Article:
Human trafficking, a form of unlawful exploitation of others for purpose of work and service, is a tremendous issue in Madagascar. With a Tier 2 ranking in the U.S. Department of State’s Trafficking in Persons report for 2021, human trafficking in Madagascar is significant.
Though human trafficking is undoubtedly a human rights issue in every place in which it occurs, Madagascar’s economy is exacerbating the issue. With a GDP of $523 per capita (within the bottom 20 countries in the world) and an average poverty rate of about 97.5%, Madagascar is certainly in an extremely impoverished state. Poverty has a tendency to make individuals more susceptible to becoming trafficking victims as they seek work.
Another notable contributing factor is the lack of proper education in Madagascar, which plays a role in child labor. This turns into a vicious cycle; people without a reliable education often end up as trafficking victims.
A significant human rights issue that the world is facing today is the increasing amount of sex trafficking, more specifically involving children. Since children are easier to manipulate, traffickers often see them as the best means of exploitation. In this situation, traffickers lure children, particularly girls, between the ages of 12 and 17, with promises of better employment.
The sex trafficking of children in Madagascar has been an issue for quite some time, but there has been a sudden rise in cases including foreigners. In Madagascar, it is a sign of prestige for a young woman to have sexual relations with a foreigner, thus creating another door into the sex trafficking industry. This has resulted in foreigners, visiting Madagascar for cheap sex trafficking of mostly young women. Though there are more than 700 child-protection networks in Madagascar that have the intention of preventing these cases, not all of them have the resources they need.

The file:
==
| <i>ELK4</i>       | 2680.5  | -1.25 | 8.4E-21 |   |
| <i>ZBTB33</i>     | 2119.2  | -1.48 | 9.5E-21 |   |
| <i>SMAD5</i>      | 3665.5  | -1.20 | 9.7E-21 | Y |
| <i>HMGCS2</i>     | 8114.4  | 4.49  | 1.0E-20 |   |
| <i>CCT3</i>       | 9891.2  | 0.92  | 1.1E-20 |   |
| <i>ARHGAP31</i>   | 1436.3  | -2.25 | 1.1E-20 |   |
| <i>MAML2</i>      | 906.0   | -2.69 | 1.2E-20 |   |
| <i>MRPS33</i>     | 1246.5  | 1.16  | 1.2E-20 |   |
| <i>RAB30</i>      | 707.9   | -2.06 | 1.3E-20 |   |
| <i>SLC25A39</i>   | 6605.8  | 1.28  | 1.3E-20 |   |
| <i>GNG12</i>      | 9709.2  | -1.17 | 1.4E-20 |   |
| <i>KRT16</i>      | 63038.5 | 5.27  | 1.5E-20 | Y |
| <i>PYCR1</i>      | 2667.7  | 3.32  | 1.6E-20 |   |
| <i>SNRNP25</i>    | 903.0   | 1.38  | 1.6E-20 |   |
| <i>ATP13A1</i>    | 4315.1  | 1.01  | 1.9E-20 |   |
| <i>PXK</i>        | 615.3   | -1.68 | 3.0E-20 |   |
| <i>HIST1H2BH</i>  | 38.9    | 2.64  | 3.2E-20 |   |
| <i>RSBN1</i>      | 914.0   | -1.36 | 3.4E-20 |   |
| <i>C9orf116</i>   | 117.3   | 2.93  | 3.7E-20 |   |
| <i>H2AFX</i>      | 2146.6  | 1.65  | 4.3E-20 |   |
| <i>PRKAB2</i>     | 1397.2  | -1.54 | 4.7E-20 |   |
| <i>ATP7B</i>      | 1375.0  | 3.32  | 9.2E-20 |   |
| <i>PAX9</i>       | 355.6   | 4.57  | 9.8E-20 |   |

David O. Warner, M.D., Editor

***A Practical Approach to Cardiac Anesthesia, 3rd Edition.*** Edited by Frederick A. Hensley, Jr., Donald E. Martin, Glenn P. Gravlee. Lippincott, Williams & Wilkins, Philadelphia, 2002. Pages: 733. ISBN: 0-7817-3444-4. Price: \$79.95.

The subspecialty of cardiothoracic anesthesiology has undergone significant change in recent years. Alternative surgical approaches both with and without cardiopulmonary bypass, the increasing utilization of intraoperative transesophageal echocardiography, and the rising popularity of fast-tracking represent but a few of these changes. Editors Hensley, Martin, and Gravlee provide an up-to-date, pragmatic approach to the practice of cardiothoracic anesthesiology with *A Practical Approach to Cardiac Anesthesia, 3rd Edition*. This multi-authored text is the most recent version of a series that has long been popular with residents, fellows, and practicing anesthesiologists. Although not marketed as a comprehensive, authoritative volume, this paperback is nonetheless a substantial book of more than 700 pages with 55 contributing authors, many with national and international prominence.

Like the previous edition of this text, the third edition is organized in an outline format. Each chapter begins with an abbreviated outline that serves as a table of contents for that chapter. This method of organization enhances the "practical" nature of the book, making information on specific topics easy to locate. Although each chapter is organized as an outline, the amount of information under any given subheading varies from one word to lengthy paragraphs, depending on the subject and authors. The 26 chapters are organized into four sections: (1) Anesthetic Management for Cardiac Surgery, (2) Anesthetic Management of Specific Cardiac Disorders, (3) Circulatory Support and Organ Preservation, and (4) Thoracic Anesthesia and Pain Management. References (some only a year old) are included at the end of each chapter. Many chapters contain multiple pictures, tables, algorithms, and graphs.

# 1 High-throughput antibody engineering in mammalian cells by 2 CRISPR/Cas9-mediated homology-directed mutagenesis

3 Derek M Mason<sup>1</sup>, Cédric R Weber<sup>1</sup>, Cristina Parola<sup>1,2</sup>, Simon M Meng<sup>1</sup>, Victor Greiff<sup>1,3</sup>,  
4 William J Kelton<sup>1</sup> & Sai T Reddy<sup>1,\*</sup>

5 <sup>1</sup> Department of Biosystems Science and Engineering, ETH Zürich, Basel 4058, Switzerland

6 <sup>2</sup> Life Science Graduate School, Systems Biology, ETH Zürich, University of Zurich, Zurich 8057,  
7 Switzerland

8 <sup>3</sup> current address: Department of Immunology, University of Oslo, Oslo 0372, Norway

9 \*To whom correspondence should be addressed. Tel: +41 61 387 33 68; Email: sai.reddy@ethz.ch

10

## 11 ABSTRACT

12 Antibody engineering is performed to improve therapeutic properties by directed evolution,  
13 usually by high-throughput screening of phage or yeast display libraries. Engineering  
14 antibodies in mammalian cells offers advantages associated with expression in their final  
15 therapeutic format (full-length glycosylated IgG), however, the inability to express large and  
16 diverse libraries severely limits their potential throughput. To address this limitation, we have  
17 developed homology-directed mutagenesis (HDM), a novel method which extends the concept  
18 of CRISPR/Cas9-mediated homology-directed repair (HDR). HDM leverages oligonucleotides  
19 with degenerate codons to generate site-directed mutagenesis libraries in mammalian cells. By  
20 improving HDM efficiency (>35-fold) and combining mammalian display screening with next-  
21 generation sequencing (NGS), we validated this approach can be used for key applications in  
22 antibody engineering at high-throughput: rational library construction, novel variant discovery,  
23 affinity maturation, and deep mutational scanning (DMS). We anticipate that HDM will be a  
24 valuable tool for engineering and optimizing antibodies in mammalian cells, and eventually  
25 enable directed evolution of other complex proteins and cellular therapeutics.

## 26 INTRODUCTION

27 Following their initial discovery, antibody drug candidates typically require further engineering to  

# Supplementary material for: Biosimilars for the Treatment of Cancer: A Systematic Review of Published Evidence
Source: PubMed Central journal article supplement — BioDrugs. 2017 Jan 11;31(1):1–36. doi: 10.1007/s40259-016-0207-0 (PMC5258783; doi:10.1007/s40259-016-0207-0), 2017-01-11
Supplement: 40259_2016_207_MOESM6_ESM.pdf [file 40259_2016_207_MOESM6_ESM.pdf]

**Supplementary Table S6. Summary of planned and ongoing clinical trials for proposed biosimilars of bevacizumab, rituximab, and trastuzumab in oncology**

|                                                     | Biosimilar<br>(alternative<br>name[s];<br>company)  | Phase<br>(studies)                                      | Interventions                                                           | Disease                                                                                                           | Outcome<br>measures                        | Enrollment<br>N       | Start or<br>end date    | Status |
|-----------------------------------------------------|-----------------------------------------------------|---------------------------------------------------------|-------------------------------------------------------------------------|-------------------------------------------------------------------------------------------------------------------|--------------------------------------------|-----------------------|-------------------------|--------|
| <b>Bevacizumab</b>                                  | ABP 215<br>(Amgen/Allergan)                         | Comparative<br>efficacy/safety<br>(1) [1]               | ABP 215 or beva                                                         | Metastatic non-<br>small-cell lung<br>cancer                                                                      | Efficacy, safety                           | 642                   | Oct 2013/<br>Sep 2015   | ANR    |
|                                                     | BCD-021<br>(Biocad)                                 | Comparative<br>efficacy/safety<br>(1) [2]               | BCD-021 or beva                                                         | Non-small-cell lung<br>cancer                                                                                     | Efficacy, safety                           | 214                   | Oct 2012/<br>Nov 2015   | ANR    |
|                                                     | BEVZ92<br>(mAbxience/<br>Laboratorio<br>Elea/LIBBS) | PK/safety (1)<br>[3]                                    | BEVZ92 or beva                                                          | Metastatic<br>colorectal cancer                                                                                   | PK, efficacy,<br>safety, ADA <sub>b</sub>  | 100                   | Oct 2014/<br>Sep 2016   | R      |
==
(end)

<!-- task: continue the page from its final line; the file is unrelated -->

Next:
Children are not the only victims of this kind of work; there has also been a rise in the trafficking of older women. In this case, traffickers may traffick the women, then murder them for their organs. In other situations, traffickers steal women from their homes before forcing their husbands and children to pay (sometimes up to $3,000) to get them back. Unfortunately, this situation is not improving with time and requires addressing.
Human trafficking in Madagascar is also prevalent in its agriculture industry, with children working in the production of vanilla and other plants. In the entire country of Madagascar, about 22.1% of children between the ages of 5 and 14 work in child labor. In addition to this, Madagascar is one of the most significant exporters of mica sheets, resulting in more than 10,000 children working in dire conditions for food and water.
Human Trafficking During COVID-19
The ongoing COVID-19 pandemic has impacted Madagascar’s economy. With the country implementing a stay-at-home order, a multitude of jobs in Madagascar underwent termination, thus leaving people looking for work. Along with Madagascar’s poverty, citizens became desperate for work in these drastic times, leading to an increase in human trafficking. In certain cases, parents even had to sell their children to traffickers in order to survive financially. In 2021, child-protection networks assisted 876 children, which is lower than the 1,666 in 2020. Child-protection services in Madagascar, such as UNICEF Madagascar, prevent child trafficking and violence by proposing and establishing legal frameworks which help with keeping children safe in their communities and away from potential traffickers.
Protection and Prevention
Though the results seem insignificant considering the large numbers of trafficked individuals in Madagascar, the authorities do not seem to take the issue as seriously as necessary. The current punishment for human trafficking for labor in Madagascar is a fine of $260 to $2,610 for offenses towards an adult victim, and between five and 10 years imprisonment and a fine of $520 to $5,230 for those towards a child victim. For comparison, the U.S. considers human trafficking slavery, thus resulting in between 20 years and life in prison. These numbers demonstrate the significance of human trafficking in Madagascar and the fact that the country should take it more seriously.
Though the situation of human trafficking in Madagascar is unpleasant, work is occurring to eliminate it. Through the efforts of child-protection networks in Madagascar, including UNICEF Madagascar, child victims of trafficking should continue to receive aid, while implementing legal frameworks to prevent child trafficking going forward.
– Andra Fofuca